Today bars, vacation rentals, and indoor restaurant dining rooms will all be shut down again in Miami-Dade. While we wait to see what’s next in South Florida, and across the country, here’s some perspective of what’s most at risk right now. American small businesses. Let’s start with this number, 3.3 million. What’s that represent? The number of small businesses that failed in the United States during the initial lockdowns. 3.3 million small businesses across this country that were ordered to shutdown never reopened. That was discovered in a June studyby the National Bureau of Economic Research. For additional context, just how big of a deal is the loss of 3.3 million small businesses? It’s 22% of all of the small businesses in the United States active prior to the pandemic. That’s right, just under a quarter of our small businesses were already wiped out through the first wave of shutdowns. And it’s not as though it’s been exactly rosy for those who reopened.
According to the restaurant industry, they estimate approximately 65% of restaurants which reopened were still not profitable in June. This comes as many patrons were still nervous about dining out, and many restaurants aren’t profitable with limited capacity mandates imposed by state and local governments. What’s the expectation for any additional pressure provided by new closures? Also, how many businesses just trying to hang on might consider giving up instead against the backdrop of the uncertainty? What’s more, is that even among small businesses there’s a disproportionate impact. Against the backdrop of calls for increased racial equality and the general benefit to all of society of having minorities benefit from the opportunities, entrepreneurship provides, comes minority-owned businesses being the ones which have suffered most and will continue to suffer the most if shutdown policies persist.
While 22% of small businesses in this country have already been lost, the numbers jump dramatically for minority-owned businesses. Thirty-two percent of Hispanic owned businesses have closed along with a whopping 41% of Black-owned businesses. Lockdowns have been hard on small businesses across the spectrum, but it’s been a crushing blow for many minority-owned businesses. This isn’t just a problem and a tragedy in the here and now, it’s certain to continue to have reverberations for years to come. The risk/reward considerations for entrepreneurs are already challenging with only 50% of startups surviving during normal times. Those odds are likely worse currently and then there’s the wildcard. Why would someone take on the personal and financial risk against the backdrop of potentially being shut down and essentially ordered out of business due to no fault of their own? A second round of closures would and will doubtlessly have a chilling impact in our economy and with our would-be entrepreneurs for years to come. And the negative impact won’t stop there. Historically 2/3rd's of all jobs created come from small businesses. What happens when we have dramatically fewer small businesses? What happens when the only retailers left are the Amazon’s of the world and the restaurant chains big enough to withstand the setbacks?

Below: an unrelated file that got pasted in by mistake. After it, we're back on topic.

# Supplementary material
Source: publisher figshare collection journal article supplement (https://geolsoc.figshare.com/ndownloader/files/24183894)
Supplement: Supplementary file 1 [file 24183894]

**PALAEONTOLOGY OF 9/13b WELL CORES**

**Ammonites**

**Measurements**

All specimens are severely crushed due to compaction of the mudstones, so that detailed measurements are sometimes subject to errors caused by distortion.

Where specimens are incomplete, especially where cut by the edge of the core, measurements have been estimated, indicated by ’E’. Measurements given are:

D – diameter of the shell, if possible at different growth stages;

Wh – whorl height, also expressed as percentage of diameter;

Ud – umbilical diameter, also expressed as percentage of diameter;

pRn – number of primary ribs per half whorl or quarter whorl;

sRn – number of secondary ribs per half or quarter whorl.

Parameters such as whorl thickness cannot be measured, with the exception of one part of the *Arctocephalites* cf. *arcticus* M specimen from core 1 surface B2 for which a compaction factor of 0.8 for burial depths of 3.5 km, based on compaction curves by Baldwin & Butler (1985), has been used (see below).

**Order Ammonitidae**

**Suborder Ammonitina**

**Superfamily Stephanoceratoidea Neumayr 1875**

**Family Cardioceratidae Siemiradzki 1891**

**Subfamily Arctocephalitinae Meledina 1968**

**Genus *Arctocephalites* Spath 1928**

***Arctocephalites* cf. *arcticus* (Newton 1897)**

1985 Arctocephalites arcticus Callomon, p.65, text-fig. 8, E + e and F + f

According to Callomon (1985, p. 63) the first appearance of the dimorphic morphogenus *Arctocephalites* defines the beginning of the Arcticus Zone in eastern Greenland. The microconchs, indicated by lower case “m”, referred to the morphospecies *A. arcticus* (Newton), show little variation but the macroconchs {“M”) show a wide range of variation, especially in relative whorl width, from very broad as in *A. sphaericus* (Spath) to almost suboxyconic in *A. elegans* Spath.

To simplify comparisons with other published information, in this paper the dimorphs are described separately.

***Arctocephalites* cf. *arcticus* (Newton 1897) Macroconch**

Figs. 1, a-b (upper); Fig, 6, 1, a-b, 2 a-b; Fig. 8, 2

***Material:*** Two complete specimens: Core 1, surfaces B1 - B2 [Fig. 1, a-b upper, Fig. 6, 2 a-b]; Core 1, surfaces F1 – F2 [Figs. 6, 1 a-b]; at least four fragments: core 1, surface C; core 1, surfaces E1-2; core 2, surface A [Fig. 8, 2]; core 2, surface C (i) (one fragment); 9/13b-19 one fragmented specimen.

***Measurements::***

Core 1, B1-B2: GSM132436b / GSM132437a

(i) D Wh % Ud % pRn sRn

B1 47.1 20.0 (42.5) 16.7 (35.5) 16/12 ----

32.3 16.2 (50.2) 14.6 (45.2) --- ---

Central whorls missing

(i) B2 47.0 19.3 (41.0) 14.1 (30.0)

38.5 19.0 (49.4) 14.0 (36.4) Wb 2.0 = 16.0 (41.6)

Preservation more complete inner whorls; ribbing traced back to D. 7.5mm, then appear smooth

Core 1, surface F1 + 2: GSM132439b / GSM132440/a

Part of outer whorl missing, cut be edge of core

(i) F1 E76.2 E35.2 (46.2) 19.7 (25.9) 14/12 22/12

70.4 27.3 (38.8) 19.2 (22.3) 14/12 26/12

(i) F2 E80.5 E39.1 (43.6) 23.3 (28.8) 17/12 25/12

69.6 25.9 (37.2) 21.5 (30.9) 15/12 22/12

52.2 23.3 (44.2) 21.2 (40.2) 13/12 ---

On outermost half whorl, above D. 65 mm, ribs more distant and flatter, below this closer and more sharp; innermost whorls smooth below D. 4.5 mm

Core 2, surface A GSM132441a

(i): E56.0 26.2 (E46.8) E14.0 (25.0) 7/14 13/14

This is an important window for South Florida and the country generally. It’s true that many, especially younger people, haven’t been abiding by safety protocols proven to be effective in stopping the spread of the virus-like wearing masks and socially distancing. Their selfishness and foolishness shouldn’t be the downfall of South Florida’s small businesses. Rather than lauding protests where the virus was spread, politicians should have been condemning the risky behavior and discouraging the gatherings. Instead in the name of political correctness or potentially worse, a political agenda, our businesses are made to pay the price? That’s inexcusable and unacceptable. If you want to bring down the hammer do it with those who are reckless. Don’t imperil even more businesses and our economic future in the process instead. This is another reminder that elections have consequences and it’s often those closest to you then have the biggest implications in your daily life.
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